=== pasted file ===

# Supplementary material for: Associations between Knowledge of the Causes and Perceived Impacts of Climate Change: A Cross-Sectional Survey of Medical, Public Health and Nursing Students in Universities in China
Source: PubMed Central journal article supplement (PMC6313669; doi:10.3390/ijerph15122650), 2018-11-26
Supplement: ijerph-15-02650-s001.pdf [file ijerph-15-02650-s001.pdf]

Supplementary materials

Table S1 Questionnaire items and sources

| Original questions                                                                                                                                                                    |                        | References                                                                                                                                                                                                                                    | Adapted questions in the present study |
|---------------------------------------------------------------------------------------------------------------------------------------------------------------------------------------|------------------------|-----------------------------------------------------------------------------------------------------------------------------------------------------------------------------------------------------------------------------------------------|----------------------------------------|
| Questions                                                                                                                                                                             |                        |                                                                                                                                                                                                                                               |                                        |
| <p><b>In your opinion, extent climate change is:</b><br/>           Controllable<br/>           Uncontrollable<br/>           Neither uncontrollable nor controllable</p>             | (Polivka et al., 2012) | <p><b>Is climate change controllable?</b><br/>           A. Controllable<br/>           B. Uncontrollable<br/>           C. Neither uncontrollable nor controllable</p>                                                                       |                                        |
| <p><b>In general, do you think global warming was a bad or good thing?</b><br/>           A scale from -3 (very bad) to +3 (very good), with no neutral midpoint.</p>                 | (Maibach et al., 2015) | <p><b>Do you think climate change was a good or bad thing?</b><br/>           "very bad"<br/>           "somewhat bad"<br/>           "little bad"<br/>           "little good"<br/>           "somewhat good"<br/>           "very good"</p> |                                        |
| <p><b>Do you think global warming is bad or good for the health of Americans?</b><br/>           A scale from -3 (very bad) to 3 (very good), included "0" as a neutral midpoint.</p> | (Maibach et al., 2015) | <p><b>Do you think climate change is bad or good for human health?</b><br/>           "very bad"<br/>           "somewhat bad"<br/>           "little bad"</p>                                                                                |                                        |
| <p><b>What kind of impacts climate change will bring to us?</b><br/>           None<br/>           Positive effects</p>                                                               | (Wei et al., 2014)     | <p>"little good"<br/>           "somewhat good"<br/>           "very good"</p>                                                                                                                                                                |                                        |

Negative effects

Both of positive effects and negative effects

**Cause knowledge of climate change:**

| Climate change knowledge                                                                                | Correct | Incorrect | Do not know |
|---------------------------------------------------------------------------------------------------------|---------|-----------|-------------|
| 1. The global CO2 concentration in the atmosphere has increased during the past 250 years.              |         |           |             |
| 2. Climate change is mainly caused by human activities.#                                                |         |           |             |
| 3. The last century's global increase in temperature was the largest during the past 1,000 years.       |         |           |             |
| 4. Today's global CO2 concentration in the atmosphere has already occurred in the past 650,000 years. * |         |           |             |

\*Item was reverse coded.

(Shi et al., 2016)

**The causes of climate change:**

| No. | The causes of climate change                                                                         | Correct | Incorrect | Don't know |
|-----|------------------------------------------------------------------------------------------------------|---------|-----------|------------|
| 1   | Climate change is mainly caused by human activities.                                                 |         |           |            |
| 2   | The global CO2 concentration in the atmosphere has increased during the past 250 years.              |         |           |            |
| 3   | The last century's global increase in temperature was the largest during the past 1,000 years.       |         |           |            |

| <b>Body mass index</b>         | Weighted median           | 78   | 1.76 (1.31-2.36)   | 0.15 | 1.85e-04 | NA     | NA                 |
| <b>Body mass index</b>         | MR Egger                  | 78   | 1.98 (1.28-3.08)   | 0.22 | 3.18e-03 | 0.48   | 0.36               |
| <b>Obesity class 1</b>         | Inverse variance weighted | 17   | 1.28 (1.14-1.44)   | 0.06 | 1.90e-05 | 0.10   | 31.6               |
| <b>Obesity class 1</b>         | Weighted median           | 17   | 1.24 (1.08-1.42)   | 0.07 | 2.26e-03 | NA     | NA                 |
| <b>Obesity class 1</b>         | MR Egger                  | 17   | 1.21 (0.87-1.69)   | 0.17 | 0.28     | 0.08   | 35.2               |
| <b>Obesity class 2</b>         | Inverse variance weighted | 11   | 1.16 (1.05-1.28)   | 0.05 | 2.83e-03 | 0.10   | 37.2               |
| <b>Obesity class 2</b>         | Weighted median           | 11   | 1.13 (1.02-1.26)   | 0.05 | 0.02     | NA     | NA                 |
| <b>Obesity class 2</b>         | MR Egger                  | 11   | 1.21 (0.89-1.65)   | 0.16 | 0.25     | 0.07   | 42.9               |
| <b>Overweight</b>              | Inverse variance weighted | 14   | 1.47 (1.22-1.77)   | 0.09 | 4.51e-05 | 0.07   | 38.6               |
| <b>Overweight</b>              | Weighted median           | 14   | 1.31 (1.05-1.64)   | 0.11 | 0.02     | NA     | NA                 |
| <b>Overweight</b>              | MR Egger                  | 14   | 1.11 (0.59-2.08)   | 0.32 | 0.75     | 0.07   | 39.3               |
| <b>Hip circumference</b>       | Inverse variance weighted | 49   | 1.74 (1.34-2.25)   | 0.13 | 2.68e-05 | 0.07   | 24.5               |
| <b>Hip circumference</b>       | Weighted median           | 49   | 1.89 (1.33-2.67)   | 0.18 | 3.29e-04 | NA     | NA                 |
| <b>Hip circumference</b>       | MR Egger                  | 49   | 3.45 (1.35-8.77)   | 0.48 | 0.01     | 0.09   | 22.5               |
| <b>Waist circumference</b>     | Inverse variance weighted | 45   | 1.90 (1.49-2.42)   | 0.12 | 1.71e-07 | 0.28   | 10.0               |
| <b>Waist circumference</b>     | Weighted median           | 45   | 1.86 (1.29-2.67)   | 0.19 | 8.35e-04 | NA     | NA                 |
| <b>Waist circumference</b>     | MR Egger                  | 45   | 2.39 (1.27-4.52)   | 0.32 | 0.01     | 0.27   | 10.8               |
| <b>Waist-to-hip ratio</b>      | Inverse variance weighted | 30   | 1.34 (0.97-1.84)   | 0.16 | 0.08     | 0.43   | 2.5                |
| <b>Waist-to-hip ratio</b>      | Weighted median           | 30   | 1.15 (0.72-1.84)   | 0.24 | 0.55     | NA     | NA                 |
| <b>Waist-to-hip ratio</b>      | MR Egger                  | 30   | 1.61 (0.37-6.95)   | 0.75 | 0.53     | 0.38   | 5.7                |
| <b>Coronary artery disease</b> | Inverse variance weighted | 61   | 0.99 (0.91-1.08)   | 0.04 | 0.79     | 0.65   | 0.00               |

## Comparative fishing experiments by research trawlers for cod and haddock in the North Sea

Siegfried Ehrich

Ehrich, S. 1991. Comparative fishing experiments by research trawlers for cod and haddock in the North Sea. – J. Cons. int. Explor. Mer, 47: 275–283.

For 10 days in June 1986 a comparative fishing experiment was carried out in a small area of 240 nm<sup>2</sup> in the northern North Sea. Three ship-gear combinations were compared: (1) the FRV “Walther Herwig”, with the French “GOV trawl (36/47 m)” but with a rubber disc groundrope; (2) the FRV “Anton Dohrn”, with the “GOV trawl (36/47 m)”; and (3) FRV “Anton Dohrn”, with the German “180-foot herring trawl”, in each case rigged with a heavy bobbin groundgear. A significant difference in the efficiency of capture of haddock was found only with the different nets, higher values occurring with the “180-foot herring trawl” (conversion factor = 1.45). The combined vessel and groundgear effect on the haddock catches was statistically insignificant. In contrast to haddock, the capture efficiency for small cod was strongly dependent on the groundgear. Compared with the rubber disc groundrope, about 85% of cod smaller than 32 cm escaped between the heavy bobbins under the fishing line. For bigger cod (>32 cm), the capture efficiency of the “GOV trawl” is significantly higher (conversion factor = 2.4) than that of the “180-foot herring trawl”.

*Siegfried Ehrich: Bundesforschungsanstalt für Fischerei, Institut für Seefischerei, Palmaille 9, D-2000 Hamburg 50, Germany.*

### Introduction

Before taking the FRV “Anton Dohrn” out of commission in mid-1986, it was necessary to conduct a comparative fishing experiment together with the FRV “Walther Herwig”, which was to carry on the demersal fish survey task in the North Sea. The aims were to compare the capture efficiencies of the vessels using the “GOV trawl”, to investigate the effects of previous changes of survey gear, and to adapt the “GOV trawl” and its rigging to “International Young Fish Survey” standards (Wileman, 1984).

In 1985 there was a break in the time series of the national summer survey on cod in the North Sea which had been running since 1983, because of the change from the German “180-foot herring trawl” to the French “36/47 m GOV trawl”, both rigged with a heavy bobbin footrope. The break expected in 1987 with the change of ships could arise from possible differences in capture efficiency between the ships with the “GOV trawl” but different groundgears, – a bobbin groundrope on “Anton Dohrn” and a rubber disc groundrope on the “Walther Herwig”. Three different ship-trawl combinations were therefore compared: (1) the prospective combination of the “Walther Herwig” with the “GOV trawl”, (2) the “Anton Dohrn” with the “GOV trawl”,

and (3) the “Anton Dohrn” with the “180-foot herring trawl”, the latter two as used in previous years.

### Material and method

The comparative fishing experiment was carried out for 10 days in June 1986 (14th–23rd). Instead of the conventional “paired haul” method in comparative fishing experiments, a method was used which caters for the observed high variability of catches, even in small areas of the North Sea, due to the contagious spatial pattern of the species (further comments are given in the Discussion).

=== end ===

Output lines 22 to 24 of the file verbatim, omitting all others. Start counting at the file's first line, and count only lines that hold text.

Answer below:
\*Item was reverse coded.

(Shi et al., 2016)

**The causes of climate change:**